e360: So if indigenous people in the Congo and elsewhere are empowered to protect their forests, the results will be better?
Lewis: Well even if the results aren’t better, the learning remains with that community. One of the big problems with conservation is the rotation of personnel. People are constantly coming and going. Some may last three or four years — five years is a very long time for a conservation person to be stationed in one park — and then they leave. And all the mistakes they made are lost. They hide their mistakes and the problems they cause. They then just move on and the learning is lost.
Whereas if local people are in charge, they may well make mistakes, everyone makes mistakes, but they won’t be moving, so they will keep the knowledge of their mistakes alive. That’s what’s important.
“Cultural diversity and biological diversity are mutually enhancing and almost always coincidental.”
Cultural diversity and biological diversity are mutually enhancing and almost always coincidental, so where you find areas of high cultural diversity, you will find areas of high biological diversity. And the reason is because human beings are keystone species in the ecosystems we inhabit. So wherever we dwell, we have an inordinate influence on the unfolding of that particular ecosystem. For instance, the BaYaka do what’s called para-cultivation, which is a process by which you enhance the production of wild species without domesticating them. So when people collect wild yams, they will take a piece of the liana vine on which the wild yam grew and they’ll plant it back in the soil after they’ve finished collecting the yams, and those will then grow as new yam shoots and produce in six months a whole new lot of yams. And those yams are very important for elephants, for gorillas, for large primates and others. So that’s what you have through human action on that forest. That’s the hunter-gatherers.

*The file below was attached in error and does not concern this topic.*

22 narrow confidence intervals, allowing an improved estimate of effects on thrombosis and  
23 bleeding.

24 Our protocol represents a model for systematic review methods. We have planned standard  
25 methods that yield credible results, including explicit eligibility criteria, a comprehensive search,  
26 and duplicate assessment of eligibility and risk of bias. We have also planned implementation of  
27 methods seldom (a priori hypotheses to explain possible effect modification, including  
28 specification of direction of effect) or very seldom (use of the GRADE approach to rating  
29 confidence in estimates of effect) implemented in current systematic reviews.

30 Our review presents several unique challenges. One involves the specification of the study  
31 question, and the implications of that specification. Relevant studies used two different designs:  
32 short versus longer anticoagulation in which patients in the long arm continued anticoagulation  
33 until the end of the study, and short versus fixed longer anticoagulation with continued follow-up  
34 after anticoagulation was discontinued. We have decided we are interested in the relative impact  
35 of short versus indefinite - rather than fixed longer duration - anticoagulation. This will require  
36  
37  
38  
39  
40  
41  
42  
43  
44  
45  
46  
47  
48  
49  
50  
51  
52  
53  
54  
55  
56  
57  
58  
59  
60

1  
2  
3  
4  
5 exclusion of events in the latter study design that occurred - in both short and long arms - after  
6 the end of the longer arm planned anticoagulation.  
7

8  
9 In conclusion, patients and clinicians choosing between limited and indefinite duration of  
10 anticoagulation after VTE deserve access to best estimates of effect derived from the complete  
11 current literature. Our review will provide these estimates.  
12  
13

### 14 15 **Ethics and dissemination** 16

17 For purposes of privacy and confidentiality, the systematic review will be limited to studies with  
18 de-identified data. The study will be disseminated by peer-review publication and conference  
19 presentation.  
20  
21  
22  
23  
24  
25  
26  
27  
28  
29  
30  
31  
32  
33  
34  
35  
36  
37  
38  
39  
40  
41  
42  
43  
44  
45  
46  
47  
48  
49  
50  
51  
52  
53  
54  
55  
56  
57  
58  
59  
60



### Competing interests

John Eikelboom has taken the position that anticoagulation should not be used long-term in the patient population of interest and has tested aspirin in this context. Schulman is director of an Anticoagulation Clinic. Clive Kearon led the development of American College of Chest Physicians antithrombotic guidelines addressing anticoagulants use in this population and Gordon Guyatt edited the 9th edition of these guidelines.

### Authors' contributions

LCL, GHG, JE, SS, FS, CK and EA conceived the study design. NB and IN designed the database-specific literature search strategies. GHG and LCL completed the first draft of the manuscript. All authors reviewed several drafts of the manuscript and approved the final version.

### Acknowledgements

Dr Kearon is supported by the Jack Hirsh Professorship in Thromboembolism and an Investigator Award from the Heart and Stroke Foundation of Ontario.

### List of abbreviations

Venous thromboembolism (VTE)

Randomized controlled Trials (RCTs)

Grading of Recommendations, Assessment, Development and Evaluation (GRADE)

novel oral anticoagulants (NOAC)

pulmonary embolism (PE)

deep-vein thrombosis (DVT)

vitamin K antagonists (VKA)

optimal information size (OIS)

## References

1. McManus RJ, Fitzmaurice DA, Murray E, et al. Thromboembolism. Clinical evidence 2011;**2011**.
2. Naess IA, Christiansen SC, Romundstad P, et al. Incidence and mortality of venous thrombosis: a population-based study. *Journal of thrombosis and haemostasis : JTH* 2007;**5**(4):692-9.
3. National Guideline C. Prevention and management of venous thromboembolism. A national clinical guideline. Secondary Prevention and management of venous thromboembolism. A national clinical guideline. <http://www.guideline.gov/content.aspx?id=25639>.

Then the farmers, what they’ll do is small-scale slash-and-burn agriculture. And slash-and-burn agriculture where you have low population densities is an extremely productive use of an environment like the Congo rainforest, because it creates small areas of secondary growth where young animals and small animals can easily find young shoots to eat. Plant species and trees that require an initial opening in order to start growing will have that available to them. Secondary forest is very important in the regeneration of whole forest ecosystems. And so for three to five years, those farmers occupy that space where they farm and then they leave it fallow, and in those fallows there is a great deal of biological diversity produced that doesn’t do well in closed-canopy forest.
The point I’m making is that you have two groups of people inhabiting the same space — small-scale farmers and hunter-gatherers — but using it very differently, each contributing to biodiversity in different ways. But overall, their dual presence enriches the biodiversity of that space. And that’s why systematically, right across the globe, wherever we find indigenous people and cultural diversity, we find biological diversity. These two things are mutually enhancing.
This interview has been edited for length and clarity.